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Category: Opinion & Reader Forum

CORRECTION

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A story in last week’s issue of The Observer incorrectly reported that Ponte Romana Restaurant in Kearny was charged with having low-proof bottles. The actual ABC violation to which the licensee pleaded guilty was contaminated bottles.

Thoughts & Views: In Normandy, ‘Longest Day’ lives on

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That’s not a real paratrooper hanging from a church steeple. It’s a representation of one – and it’s a memorial to all the American paratroopers who liberated the French town of Sainte-Mere-Eglise on June 6, 1944.

Our p. 1 story this week acknowledges the 70th anniversary of D-Day, but there is so much, much more to tell — literally entire libraries are devoted to the Allied invasion. So we thought we’d focus on just one incident, which most Americans likely were unaware of until it was portrayed in the 1962 movie “The Longest Day.” Many still may not know about the memorial. Read more »

CLARIFICATION

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Last week’s issue of The Observer contained a photo display of the new Portuguese monument slated for dedication in Riverbank Park, Kearny, on June 1. The text accompanying the photos should have mentioned that Thomas Meloro & Son Monuments of North Arlington was the designer of the structure.

WE’VE GOT MAIL

‘A MAYOR’S SON REMEMBERS’

To the Editor: 

Several friends e-mailed, called and sent the link to a story (“Searing Memories of a Long-Ago Fire,” May 21) containing a photo of my father, the late Kearny Mayor Joseph M. Healey, taken in 1963 at the Thompson Fish and Chip fire at 5 Kearny Ave.

Fittingly enough, the story appeared just as I’m about to mark my 25th year as a firefighter in Plainsboro Township, N.J., and I have been reflecting on the important role my father and then-Chief John Sherlock played in creating a strong interest in firefighting and the fire service.

It was a different time in government and politics and, after leaving office, my brother and I spent the better part of a day engaging my father in a dialogue about his career. Police dispatchers were instructed to notify him about any working fire or significant police incident on a 24/7 basis. I asked him why he responded, even though I had loved going with him, and he said that he felt responsible as mayor for the firefighters and police officers and he wanted to make sure anyone burned out of their home would be taken care of. In this age, that’s a refreshing approach.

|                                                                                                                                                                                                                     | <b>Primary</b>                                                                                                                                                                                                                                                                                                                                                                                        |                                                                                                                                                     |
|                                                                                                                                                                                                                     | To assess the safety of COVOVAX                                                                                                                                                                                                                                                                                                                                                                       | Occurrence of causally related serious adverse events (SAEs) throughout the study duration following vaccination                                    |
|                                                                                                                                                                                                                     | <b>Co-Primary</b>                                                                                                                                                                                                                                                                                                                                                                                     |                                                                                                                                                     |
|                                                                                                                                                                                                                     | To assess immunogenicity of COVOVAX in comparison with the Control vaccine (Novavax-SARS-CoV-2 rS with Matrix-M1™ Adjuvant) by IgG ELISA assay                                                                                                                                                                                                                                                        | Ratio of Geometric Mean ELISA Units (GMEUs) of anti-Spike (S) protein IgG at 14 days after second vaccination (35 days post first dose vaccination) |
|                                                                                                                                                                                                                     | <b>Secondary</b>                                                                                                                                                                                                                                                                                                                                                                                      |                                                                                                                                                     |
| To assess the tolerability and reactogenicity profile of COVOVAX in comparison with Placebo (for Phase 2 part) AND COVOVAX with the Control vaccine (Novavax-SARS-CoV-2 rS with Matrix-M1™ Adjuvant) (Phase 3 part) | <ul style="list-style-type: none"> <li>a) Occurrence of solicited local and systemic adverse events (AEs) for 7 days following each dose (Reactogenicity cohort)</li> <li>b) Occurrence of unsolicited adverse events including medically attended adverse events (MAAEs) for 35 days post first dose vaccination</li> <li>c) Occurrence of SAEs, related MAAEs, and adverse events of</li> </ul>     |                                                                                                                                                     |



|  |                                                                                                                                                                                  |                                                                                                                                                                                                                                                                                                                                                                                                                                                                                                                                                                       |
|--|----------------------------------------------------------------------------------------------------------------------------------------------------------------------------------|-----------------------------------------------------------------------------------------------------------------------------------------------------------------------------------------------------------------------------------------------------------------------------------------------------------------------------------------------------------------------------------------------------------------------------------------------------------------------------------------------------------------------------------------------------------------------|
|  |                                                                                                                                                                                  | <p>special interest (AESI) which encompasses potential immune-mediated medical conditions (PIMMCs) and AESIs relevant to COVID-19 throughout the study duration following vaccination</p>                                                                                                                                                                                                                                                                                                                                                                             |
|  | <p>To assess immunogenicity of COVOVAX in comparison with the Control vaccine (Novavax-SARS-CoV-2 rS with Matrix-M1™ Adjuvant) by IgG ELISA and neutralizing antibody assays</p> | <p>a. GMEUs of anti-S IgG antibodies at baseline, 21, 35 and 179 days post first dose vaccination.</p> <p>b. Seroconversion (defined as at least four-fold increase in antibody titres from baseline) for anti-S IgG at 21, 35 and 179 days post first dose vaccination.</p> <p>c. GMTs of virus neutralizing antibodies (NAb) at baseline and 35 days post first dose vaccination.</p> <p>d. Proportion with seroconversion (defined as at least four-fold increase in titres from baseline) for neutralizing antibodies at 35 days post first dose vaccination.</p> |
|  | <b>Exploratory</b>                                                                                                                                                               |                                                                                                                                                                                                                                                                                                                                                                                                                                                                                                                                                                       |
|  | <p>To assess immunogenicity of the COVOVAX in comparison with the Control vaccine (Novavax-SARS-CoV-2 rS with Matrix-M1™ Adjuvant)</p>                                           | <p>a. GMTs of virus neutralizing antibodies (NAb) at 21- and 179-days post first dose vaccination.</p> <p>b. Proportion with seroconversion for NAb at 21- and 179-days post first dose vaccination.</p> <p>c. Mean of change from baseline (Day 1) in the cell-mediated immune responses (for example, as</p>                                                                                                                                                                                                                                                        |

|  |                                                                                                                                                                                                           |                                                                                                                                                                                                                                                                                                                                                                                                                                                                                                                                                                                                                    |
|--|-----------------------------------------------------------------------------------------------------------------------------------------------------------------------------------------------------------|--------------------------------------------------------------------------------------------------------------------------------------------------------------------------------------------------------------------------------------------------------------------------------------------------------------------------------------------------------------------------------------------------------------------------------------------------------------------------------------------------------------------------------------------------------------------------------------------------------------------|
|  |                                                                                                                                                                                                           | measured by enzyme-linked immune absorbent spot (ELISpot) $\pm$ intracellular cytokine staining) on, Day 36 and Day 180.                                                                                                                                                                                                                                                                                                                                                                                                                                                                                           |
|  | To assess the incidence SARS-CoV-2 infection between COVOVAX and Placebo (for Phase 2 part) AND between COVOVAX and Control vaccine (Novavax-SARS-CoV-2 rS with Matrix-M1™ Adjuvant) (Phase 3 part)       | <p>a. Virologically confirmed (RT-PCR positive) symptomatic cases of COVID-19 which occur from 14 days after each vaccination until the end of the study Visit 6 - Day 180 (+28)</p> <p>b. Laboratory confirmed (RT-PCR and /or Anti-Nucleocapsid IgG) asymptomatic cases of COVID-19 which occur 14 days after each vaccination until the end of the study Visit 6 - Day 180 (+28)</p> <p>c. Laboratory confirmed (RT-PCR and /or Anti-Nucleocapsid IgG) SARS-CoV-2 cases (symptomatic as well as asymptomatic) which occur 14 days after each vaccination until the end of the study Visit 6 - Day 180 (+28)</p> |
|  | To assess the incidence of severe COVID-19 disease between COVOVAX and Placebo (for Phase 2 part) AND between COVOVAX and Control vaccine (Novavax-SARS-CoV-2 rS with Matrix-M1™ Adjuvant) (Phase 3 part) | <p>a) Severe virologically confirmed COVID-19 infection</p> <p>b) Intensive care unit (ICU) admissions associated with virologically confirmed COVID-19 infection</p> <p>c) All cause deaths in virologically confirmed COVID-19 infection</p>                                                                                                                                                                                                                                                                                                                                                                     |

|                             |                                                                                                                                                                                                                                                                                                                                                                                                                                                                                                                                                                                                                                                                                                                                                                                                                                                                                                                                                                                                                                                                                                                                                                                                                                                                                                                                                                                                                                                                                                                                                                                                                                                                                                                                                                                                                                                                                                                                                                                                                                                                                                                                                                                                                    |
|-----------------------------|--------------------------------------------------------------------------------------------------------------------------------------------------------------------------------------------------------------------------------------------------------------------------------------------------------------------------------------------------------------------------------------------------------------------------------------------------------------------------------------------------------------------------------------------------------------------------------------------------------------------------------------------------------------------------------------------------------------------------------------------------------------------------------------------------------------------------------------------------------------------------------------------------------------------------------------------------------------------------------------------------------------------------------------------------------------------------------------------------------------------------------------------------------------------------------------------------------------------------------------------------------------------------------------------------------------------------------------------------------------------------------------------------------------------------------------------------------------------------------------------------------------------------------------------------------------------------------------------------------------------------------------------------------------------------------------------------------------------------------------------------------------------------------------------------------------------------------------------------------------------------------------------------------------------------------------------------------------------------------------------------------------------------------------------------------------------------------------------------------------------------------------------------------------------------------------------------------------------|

The picture and the story also give me the opportunity to express my thanks to the members of the Kearny Fire Department, then and now. It has always been a great fire department and, in a younger day, I envisioned myself as a member. That didn’t happen, but I took what I learned from you and put it into work down here in Central Jersey.

Thomas C. Healey 

Lieutenant 

Plainsboro Fire Company 

Thoughts & Views: The world according to Hagel

In an interview with Charlie Rose aired last week on PBS, U.S. Defense Secretary Chuck Hagel was explaining the facts of global life, as filtered through the eyes of a Vietnam combat veteran.

Hagel, who claimed he was representing the views of the Commander in Chief, President Obama, said that Congress needed to ante up defense spending if it wanted to keep the American military capability in cyber warfare technology up to par with the world’s other superpowers and to beat down the forces of terrorism.

He reminded Rose that the U.S. has a military “presence” in 100 countries where, he said, we are helpmates to allies who want our help.

Hagel didn’t use the word “treason” but he came pretty close when he warned that Congress better do its utmost to avoid succumbing to the pitfalls of sequestration and accompanying budget cuts. (And it appears that Congress – facing mid-term elections – is listening, given the House’s willingness to hand the Pentagon $600 billion – more than it asked for – despite the brass’s offer to close some bases, shed the U-2 spy plane and other weapons. (Obama is seeking Congressional approval for a $3.7 trillion total national budget for 2014.) Read more »

WE’VE GOT MAIL

‘KEEP INTERSECTION CLEAR’

To the Editor: As was recently reported in The Observer, a pedestrian was struck and killed at the intersection of Passaic Ave. and Belleville Turnpike in North Arlington. Earlier this morning (Saturday, May 16), I witnessed a second near-miss accident involving a pedestrian at this same location.

A group representing a North Arlington sports league was panhandling at the intersection. The intersection was extremely congested, and a young girl darted between traffic to donate to one of the individuals collecting. This girl was nearly hit by a car. Traffic at this intersection is bad enough on weekends; I am not sure why the municipality allows these panhandlers during these weekend periods, which only exacerbate the traffic conditions and in consideration of the recent fatality.

I call on the Borough of North Arlington to prohibit the practice of street collections at this location.

Dan McNamara 

Kearny 

‘THANKS TO ALL CONTRIBUTORS’

Read more »

Thoughts & Views: A poet for Memorial Day

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Joyce Kilmer, New Jersey native and long-time Garden State resident, is most famous for his poem “Trees,” memorized by numberless schoolchildren and, unfortunately, mocked by latter-day writers who find it too precious.

Columbia University, his alma mater, had (maybe still does have) an annual Joyce Kilmer Memorial Bad Poetry Contest.